Enuresis, more popularly known as bed wetting, is a common condition among children of school age. A bed wetter urinates during sleep, and this happens without knowledge or control of the child. Because of this, many parents find themselves in a stressful and embarrassing situation. As for the child, such condition causes discomfort, sleep interruption, and embarrassment.
Indeed, enuresis has many unpleasant effects on both the child and the parents. But these effects can be minimized if parents do away with all the misconceptions and learn the truth about their children’s condition.
The following are the myths and facts about enuresis that every parent should know:
Myth #1: Bed wetters are too lazy to control their urination.
This assumption is not only inaccurate, but also destructive because it only makes the child feel bad about himself. The truth is, bed wetters have no control over their condition.
Myth #2: Children who wet their bed have emotional or mental problems.
This misconception may have stemmed from the fact that autistic children usually wet their bed. That is not the case in most bed wetters. Although enuresis results in psychological problems such as low self-esteem, these problems do not cause children to wet their bed. But stress and other emotional issues such as divorce of parents or death of a loved one can trigger enuresis in children who previously have had dry nights.
Myth #3: Wearing diapers at night will slow down the process of getting rid of the habit.
Experts say that using diapers does not prevent a child from outgrowing enuresis on his own. In fact, diapers offer some benefits. For the bed wetters, diapers prevent them from getting wet and cold when they wake up. For parents, diapers spare them the burden of changing the bed covers or washing the mattresses frequently.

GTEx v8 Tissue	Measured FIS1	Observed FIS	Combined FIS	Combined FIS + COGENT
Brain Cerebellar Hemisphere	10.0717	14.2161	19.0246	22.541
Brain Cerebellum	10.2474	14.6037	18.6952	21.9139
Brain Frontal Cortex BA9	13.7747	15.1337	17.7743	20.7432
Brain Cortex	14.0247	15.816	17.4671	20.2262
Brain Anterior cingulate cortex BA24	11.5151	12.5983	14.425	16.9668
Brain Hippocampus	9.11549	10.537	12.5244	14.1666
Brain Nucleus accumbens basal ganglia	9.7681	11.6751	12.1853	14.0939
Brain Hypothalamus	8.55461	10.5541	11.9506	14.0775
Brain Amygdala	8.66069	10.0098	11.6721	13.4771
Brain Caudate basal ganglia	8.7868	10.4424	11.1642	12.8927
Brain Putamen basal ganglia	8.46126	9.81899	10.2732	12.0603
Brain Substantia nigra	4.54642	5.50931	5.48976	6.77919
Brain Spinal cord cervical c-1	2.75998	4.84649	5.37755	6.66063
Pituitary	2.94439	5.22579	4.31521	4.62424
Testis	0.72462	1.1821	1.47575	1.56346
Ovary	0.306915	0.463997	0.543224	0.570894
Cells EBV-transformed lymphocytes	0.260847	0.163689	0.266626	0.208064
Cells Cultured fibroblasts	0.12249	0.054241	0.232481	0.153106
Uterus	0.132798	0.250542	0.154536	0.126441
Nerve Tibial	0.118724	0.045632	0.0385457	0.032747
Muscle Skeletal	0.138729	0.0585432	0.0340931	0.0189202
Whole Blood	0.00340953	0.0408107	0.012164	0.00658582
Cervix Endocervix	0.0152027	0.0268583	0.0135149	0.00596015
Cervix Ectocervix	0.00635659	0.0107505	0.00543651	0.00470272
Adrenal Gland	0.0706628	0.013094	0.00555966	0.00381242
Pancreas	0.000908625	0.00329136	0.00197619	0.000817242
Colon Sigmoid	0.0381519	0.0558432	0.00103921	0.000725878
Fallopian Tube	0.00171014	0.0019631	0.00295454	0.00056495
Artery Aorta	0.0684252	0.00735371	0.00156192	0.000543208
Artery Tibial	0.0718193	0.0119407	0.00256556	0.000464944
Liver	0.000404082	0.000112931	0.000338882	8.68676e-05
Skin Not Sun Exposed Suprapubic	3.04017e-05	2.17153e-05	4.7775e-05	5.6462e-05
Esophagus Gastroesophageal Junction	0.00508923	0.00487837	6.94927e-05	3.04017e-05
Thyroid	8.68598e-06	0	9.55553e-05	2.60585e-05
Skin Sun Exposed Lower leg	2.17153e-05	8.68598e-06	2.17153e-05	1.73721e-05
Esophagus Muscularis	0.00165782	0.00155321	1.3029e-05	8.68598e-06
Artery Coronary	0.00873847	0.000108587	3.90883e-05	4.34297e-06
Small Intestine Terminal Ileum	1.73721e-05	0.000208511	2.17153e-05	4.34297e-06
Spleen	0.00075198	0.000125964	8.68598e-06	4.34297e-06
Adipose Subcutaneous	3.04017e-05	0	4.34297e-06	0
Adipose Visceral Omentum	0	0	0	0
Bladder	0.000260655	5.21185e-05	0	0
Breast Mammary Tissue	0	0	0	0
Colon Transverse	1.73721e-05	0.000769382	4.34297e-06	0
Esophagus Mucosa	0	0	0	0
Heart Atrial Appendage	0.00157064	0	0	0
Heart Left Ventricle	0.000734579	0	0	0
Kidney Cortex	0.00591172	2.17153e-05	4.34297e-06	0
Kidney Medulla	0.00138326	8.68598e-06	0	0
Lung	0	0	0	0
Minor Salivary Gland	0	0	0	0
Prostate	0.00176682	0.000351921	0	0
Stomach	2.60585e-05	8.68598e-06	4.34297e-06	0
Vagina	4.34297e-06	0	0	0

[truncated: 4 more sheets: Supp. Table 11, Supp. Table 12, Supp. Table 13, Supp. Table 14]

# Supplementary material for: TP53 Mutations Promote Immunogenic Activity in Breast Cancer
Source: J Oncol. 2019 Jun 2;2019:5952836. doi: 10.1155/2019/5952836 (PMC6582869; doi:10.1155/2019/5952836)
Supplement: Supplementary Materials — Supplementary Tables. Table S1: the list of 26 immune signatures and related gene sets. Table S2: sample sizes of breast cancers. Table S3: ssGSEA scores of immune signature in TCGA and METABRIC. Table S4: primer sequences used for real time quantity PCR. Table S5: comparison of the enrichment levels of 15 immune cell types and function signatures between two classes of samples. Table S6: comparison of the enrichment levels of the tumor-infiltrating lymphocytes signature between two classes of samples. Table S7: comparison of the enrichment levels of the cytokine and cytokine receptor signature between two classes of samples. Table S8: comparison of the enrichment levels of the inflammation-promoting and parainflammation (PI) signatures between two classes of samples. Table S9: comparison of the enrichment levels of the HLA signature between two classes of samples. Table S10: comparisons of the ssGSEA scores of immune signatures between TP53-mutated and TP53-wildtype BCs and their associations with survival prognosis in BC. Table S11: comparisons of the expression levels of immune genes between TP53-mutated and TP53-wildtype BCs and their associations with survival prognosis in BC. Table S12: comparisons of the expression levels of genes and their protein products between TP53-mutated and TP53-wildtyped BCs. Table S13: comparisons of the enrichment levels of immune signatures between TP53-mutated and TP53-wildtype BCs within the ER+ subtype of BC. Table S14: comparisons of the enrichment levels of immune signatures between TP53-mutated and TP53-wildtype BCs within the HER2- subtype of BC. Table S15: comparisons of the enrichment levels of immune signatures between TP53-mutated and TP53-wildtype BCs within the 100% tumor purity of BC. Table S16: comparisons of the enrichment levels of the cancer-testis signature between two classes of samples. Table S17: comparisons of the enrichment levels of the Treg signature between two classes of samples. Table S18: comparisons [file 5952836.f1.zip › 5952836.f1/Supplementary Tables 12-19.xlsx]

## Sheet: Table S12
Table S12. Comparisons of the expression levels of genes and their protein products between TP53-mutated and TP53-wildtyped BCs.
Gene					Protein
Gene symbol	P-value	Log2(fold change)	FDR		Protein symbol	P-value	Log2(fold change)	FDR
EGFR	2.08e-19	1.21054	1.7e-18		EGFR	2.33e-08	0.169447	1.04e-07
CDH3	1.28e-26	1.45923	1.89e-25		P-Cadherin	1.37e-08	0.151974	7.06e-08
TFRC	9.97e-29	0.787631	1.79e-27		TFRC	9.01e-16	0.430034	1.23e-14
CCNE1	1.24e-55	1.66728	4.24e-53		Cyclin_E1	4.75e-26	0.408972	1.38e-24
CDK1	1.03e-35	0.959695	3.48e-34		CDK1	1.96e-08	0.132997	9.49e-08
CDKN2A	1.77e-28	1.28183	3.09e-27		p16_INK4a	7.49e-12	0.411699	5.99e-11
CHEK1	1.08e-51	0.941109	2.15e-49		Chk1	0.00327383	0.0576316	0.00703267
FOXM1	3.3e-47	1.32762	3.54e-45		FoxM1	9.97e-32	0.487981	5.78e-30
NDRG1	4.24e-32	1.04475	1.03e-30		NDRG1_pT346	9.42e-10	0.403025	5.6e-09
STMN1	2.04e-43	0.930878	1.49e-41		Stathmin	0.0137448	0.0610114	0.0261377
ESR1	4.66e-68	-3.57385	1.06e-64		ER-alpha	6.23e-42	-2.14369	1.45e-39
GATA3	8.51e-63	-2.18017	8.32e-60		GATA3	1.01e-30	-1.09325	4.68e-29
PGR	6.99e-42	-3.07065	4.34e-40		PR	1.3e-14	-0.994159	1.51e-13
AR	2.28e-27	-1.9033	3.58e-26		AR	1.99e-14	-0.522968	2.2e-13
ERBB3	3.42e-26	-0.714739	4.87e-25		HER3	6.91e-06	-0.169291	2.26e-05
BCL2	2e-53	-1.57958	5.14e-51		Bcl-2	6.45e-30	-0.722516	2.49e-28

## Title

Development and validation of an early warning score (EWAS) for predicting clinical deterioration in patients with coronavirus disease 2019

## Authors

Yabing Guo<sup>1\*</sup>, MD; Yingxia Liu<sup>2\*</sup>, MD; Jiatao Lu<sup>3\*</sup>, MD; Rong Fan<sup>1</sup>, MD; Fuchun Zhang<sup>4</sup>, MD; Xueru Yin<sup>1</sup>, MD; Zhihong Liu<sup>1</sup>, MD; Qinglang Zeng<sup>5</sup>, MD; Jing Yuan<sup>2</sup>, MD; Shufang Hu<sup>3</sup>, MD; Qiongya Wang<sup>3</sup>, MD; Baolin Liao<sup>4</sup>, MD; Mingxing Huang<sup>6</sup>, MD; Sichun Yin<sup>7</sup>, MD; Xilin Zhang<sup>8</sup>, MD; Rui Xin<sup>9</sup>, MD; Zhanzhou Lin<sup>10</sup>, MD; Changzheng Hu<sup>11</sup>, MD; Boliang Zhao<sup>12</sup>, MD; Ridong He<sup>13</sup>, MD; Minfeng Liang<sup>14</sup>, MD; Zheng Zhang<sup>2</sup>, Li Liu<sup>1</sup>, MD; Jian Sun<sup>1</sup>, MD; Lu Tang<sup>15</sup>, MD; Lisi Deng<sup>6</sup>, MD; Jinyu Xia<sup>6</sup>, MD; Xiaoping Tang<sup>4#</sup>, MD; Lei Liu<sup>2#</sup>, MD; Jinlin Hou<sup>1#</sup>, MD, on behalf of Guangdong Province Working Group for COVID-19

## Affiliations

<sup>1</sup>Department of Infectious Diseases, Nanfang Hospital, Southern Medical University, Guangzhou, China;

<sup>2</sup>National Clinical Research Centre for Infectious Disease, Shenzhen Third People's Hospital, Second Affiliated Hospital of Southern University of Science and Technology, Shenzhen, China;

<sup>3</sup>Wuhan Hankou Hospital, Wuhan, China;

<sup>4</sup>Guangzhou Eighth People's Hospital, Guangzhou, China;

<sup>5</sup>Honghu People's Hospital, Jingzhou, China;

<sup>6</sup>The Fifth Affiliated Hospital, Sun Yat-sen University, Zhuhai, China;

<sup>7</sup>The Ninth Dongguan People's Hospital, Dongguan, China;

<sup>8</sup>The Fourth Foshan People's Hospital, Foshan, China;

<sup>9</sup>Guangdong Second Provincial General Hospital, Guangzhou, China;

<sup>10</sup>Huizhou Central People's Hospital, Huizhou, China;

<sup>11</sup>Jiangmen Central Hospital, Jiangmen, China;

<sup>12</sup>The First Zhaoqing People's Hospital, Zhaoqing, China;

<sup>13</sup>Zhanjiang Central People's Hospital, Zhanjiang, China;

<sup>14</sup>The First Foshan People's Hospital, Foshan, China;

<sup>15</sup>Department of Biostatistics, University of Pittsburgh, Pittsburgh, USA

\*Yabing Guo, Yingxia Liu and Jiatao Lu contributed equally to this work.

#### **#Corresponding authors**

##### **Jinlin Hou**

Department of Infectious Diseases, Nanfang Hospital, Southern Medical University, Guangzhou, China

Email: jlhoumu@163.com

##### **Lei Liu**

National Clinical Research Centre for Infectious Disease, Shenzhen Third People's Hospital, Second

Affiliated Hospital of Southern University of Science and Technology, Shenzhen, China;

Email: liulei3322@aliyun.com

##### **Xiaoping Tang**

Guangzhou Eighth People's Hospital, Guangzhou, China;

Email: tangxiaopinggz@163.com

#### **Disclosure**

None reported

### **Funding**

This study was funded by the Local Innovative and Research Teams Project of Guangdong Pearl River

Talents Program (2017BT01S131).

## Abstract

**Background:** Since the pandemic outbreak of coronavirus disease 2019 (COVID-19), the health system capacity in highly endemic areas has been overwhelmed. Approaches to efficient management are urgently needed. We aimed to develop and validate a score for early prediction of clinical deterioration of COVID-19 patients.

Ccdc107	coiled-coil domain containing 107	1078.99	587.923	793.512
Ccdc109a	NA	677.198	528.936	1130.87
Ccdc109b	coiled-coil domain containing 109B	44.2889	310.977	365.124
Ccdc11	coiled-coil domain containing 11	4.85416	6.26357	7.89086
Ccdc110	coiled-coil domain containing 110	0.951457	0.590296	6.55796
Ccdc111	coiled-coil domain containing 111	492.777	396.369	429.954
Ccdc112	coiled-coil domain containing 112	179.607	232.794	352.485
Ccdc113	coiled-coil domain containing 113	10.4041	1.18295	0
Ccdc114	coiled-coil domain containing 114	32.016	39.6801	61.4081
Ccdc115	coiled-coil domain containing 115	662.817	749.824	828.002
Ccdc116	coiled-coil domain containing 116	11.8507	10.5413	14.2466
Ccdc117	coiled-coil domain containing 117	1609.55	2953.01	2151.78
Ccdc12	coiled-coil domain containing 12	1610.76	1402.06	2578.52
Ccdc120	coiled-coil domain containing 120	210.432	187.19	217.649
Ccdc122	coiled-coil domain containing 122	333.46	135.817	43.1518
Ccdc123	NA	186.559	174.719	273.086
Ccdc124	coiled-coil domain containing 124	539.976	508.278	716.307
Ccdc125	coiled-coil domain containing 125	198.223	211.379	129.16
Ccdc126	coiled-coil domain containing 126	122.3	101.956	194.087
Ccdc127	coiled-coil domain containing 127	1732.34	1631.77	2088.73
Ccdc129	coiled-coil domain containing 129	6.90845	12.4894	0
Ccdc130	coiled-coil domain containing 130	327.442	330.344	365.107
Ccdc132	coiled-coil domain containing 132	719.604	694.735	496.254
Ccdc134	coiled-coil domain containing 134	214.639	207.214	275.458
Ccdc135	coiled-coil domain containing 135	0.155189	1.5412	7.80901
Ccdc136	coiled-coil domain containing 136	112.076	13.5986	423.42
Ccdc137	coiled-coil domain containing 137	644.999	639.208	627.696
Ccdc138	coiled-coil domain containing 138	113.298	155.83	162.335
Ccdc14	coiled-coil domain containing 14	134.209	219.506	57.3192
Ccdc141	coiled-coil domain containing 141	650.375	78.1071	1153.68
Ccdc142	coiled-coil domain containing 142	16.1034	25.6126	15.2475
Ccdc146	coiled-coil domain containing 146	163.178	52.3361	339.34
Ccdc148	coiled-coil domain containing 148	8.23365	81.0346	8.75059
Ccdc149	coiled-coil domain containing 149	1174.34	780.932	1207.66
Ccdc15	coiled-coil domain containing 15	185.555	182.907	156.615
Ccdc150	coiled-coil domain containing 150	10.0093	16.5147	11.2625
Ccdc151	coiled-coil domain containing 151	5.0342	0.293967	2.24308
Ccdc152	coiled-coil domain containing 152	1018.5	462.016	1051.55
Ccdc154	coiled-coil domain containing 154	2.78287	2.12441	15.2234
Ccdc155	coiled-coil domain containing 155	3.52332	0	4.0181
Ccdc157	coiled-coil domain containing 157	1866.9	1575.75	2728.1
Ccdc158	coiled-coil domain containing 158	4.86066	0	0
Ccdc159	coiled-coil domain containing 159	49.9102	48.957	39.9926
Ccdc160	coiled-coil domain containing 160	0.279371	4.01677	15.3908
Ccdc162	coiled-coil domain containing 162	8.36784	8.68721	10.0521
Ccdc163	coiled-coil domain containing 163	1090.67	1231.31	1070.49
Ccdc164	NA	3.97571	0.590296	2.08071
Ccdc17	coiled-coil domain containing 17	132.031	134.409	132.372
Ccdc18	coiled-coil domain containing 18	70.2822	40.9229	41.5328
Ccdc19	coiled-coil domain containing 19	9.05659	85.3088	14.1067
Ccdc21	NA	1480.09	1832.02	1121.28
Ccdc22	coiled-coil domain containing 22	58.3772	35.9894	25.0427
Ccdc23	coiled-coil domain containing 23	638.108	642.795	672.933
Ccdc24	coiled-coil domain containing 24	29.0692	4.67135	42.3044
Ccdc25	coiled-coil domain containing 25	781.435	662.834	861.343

Myth #4: Fluid intake before bedtime causes enuresis.
Yes, restricting the amount of fluid intake before your child goes to sleep can lessen the volume of urine released during nighttime. However, drinking liquids before bedtime does not cause the child to wet his bed.
Fact #1: Enuresis is hereditary.
If there is a history of enuresis in your family, your child is likely to become a bed wetter. Three out of four children who suffer from the condition have a family history of enuresis.
Fact #2: Some bed wetters have a functionally small (not anatomically small) bladder.
This means these children quickly feel a full bladder, so the urge to urinate is frequent.
Fact #3: Bed wetters find it hard to rouse from sleep, which keeps them from responding to their body’s signal to urinate.
Fact #4: Hormonal imbalance causes enuresis.
Some children lack the amount of anti-diuretic hormone that signals the kidneys to produce less urine while they sleep. The result? More urine at nighttime.
Fact #5: Enuresis may be a symptom of underlying medical conditions.
If your child suffers from bed wetting, it is likely that he may have one or two of the following diseases: diabetes, urinary tract infection, sleep apnea, spinal cord problems, and constipation.
It is recommended that you visit a doctor to have your child checked and to get advice on the possible treatment methods to stop enuresis.
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